In these experiments, cells were plated onto coverslips or applied to transwell inserts, serum starved for 4 h, incubated overnight or for up to 48 h in growth medium supplemented with 6 µM arachidonic acid or 0.1% DMSO as vehicle control and subsequently assessed by immunofluorescence. Morphological changes induced by AA treatment were visualized by F-actin staining using fluorescently labeled phalloidin. The majority of control cells appeared clustered and were rounded or oblong in shape (~ 97%), whereas the majority of AA treated cells (~ 93%) exhibited an elongated, flattened shape that was often decorated with multiple cellular processes. Additional images of these morphologies are shown in Additional file 3: Figure S3. As indicated above, migration assays revealed that AA treatment induced migration in a subset of BON cells. Therefore, we removed and imaged chamber inserts following AA treatment and assessed the morphology of non-migrated and migrated cells using confocal microscopy. As shown in Fig. 7a, b, staining for F-actin revealed distinctive morphologies between these two populations. The unmigrated cells on the surface of the transwell insert appeared to be in clusters and exhibited rounded shapes whereas the migrated cells on the bottom of the insert typically exhibited flattened irregular shapes with processes. These respective morphologies were similar to those observed for cells cultured on glass coverslips that were treated with vehicle or AA.

One hallmark of NMT is a reduction in the neuroendocrine secretory granule protein CgA. Under our experimental conditions, approximately 34% of cells in control groups exhibited perinuclear and subplasmamembrane distribution of CgA signal. Following overnight AA treatment, less than 15% of cells showed labeling. Figure 7c, d indicated that following AA treatment there was about a 50% reduction in the number of cells expressing CgA. Moreover, the treated cells appeared much more mesenchymal in morphology and some cells showed persistent expression and ubiquitous distribution of the CgA label through out the cell including the filipodial extensions. Longer treatments (24–48 h) showed a further reduction in the number of CgA expressing cells.

Furthermore, as shown in Fig. 7e, f, there was a clear reduction in the intensity of E-cadherin staining following AA treatment. In comparing images of control and AA-treated cells, there was typically greater than 60% reduction in the mean pixel intensity of the E-cadherin (green) signal. The findings were consistent with NMT phenotype. Of note, the E-cadherin signal in BON cells had an atypical nuclear distribution, similar to that previously shown to correlate with invasiveness in pancreatic NETs [34].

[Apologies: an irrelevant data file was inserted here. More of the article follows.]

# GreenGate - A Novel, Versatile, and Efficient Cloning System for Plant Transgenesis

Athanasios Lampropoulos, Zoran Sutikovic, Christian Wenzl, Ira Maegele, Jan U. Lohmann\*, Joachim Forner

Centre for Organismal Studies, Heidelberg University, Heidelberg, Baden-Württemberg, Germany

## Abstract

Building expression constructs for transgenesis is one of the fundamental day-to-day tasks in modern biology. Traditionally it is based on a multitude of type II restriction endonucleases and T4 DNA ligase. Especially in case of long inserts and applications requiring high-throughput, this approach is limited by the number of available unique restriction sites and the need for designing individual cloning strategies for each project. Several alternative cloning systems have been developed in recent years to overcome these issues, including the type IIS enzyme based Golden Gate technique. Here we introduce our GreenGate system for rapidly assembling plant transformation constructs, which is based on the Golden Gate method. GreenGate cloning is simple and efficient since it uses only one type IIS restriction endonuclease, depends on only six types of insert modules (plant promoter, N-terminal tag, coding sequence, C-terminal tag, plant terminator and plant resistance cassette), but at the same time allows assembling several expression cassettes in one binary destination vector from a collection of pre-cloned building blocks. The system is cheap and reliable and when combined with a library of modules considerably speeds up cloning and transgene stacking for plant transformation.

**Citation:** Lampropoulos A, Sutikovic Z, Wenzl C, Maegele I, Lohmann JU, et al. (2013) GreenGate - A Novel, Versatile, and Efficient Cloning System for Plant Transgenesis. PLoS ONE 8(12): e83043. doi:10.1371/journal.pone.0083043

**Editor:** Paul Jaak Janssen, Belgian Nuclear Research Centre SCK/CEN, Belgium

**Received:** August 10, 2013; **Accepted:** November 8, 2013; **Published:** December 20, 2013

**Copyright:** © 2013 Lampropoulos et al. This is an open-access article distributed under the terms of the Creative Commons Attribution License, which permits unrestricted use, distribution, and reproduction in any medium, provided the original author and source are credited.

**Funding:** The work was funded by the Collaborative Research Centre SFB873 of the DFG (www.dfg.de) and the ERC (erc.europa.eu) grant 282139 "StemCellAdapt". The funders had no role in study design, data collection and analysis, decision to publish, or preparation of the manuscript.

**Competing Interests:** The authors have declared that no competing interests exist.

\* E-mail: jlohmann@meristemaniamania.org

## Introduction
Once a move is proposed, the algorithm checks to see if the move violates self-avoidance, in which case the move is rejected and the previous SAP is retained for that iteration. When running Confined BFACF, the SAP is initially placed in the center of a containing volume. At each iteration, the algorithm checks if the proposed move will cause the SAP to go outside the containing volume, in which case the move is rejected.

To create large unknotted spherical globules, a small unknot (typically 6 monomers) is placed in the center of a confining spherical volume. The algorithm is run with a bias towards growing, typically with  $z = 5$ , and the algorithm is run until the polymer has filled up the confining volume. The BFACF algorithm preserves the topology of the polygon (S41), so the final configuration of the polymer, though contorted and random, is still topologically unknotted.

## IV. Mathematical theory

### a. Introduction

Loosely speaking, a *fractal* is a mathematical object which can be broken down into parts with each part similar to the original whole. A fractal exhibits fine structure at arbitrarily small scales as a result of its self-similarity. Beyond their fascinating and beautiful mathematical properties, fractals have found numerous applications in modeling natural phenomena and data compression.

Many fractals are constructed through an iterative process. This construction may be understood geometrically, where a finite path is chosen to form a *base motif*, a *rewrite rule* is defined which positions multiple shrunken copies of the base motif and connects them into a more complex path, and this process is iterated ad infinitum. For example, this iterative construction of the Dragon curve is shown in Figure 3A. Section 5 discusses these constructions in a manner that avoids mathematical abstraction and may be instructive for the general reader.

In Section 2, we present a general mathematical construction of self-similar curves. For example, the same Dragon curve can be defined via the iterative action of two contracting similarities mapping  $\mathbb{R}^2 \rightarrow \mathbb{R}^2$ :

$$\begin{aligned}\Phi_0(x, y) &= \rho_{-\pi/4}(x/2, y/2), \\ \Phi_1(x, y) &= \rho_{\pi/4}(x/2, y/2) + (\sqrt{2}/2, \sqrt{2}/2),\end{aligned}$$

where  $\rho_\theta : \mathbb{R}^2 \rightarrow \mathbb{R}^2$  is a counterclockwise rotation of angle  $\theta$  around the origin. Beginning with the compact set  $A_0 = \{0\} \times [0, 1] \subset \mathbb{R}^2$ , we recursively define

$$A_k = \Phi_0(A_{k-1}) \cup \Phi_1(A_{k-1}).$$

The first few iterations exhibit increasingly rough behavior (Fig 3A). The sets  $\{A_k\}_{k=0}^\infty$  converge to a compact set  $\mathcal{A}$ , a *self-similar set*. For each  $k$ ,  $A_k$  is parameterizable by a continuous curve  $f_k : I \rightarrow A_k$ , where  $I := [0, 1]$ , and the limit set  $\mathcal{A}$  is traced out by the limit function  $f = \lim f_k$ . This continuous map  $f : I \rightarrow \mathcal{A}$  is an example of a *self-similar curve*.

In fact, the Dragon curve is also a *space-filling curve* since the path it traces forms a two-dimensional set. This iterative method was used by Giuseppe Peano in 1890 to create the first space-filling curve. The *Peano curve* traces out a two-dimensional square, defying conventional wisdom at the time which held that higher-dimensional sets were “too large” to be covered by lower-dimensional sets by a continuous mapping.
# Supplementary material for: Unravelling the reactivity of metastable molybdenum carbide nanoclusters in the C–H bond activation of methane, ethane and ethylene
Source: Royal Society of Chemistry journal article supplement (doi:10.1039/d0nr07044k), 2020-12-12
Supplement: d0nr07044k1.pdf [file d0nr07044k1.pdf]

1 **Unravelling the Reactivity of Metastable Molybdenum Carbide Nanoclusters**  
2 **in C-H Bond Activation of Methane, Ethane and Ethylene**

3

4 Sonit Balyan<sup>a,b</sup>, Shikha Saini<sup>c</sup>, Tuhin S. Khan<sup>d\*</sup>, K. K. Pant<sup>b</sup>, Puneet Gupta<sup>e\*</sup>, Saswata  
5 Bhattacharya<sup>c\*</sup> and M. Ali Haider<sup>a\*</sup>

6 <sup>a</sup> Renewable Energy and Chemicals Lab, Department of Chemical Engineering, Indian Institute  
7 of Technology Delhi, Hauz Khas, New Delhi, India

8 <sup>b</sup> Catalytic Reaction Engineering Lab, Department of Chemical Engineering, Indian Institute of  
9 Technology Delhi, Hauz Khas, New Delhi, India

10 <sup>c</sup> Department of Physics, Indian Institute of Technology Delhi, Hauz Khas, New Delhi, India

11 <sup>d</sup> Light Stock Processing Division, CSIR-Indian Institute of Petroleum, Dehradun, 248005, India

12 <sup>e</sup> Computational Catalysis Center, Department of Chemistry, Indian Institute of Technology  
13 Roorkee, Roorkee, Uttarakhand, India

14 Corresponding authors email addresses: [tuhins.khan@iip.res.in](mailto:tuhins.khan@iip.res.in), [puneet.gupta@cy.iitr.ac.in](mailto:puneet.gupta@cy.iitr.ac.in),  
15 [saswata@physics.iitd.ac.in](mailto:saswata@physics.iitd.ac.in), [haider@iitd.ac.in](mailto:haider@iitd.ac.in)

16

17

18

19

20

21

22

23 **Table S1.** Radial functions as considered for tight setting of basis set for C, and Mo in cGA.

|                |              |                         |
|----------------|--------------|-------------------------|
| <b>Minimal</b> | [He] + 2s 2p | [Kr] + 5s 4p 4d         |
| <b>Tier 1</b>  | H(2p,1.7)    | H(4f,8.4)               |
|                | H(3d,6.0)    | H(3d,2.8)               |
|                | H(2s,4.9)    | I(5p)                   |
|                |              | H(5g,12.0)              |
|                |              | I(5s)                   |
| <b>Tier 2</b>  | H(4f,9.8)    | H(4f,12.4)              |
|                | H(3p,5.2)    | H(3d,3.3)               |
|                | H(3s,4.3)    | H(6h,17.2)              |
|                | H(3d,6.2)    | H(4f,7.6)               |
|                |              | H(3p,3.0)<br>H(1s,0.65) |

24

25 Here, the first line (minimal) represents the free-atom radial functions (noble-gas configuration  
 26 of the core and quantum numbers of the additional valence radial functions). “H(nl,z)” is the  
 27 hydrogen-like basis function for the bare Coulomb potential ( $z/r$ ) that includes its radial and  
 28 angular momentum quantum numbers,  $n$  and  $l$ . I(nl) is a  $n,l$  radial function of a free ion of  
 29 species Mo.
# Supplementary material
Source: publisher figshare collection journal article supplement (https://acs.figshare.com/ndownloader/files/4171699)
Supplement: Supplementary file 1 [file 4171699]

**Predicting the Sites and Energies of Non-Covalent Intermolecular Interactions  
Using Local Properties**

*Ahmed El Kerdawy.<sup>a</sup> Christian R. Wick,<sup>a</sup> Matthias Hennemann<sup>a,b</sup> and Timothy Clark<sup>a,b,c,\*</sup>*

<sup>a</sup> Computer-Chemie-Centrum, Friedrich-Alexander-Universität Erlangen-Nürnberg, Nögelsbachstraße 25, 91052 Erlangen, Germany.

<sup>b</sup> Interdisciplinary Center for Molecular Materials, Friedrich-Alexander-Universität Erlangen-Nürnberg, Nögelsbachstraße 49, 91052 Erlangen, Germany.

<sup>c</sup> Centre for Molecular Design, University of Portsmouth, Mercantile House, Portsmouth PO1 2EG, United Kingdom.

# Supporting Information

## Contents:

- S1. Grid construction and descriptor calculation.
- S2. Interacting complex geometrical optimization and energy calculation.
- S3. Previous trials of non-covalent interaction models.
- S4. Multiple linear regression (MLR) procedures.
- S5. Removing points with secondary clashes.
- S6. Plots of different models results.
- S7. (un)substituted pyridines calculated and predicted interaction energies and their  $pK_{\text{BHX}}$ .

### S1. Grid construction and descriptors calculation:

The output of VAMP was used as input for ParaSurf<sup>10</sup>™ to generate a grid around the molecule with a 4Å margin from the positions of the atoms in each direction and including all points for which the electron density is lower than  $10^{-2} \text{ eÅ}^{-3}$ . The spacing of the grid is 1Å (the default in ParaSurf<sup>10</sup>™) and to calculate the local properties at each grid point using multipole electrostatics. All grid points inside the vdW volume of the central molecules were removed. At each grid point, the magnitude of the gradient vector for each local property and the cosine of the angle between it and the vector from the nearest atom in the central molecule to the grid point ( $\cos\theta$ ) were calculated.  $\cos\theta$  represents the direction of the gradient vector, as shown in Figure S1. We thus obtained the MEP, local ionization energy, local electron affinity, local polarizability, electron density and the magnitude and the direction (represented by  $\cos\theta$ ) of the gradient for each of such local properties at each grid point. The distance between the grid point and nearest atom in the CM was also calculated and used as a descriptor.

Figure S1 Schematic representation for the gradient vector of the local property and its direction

In contrast, we did not observe changes in expression levels of the mesenchymal proteins α-SMA and Snail1 following AA treatment (data not shown). The lack of an effect may be in part be explained the surprising expression of these markers in BON cells prior to AA treatment.


Previous work from our laboratory provided molecular and functional characterization of the SOCE pathway [30] in a variety of GEPNET cell lines. It was revealed that BON cells robustly expressed messages for Orai1 and Orai3, but not Orai2. In the current study, we extended these observations to demonstrate protein expression and functional contributions of Orai1 and Orai3 channel subunits to Ca2+ signals and cell migration. These findings support the hypothesis that AA-induced Ca2+ entry through an Orai1/Orai3 containing channel was important for migration of a sub-population of BON cells.

Recent work from several groups has demonstrated a requirement of Orai1-containing channels for SOCE and cell migration in some tumor cell lines. Although knockdown of Orai1 suppressed BON cell migration, it was unlikely that the suppression was mediated by inhibition of a canonical store-operated channel. This idea was supported by the observation that direct activation of SOCE by TSG-induced store depletion was ineffective at stimulating migration. Although this finding is tempered by the caveat that prolonged treatment with TSG can induce ER stress and apoptosis.

Our contention is that it was more likely that the knockdown of Orai1 inhibited an AA-induced Ca2+ entry channel that contained Orai3 as well as Orai1 subunits. Consistent with this proposal, we found that treatment with AA resulted in Ca2+ influx that was distinct from canonical SOCE. Moreover, activation of this pathway stimulated migration of BON cells, and that when inhibited, abrogated the enhancement in migration. These data showed that Orai1 was necessary for mediating SOCE, whereas AA-induced Ca2+ entry as well as BON cell migration required both Orai1 and Orai3.

The AA-induced Ca2+ entry channel characterized here is reminiscent of the store-independent ARC channel described by Shuttleworth’s group [35, 36]. More recently, Trebak’s group identified an Orai1/Orai3-containing leukotriene-C4 (LTC4) inducible channel that mediated Ca2+ entry in vascular smooth muscle cells in response to thrombin stimulation [14]. Although we did not directly test whether LTC4 could activate Ca2+ entry or cell migration in our system, pharmacological inhibition of AA-metabolism did not suppress AA-induced cell migration. This indicated that the enhancement of cell migration observed was largely due to AA itself and not its metabolite.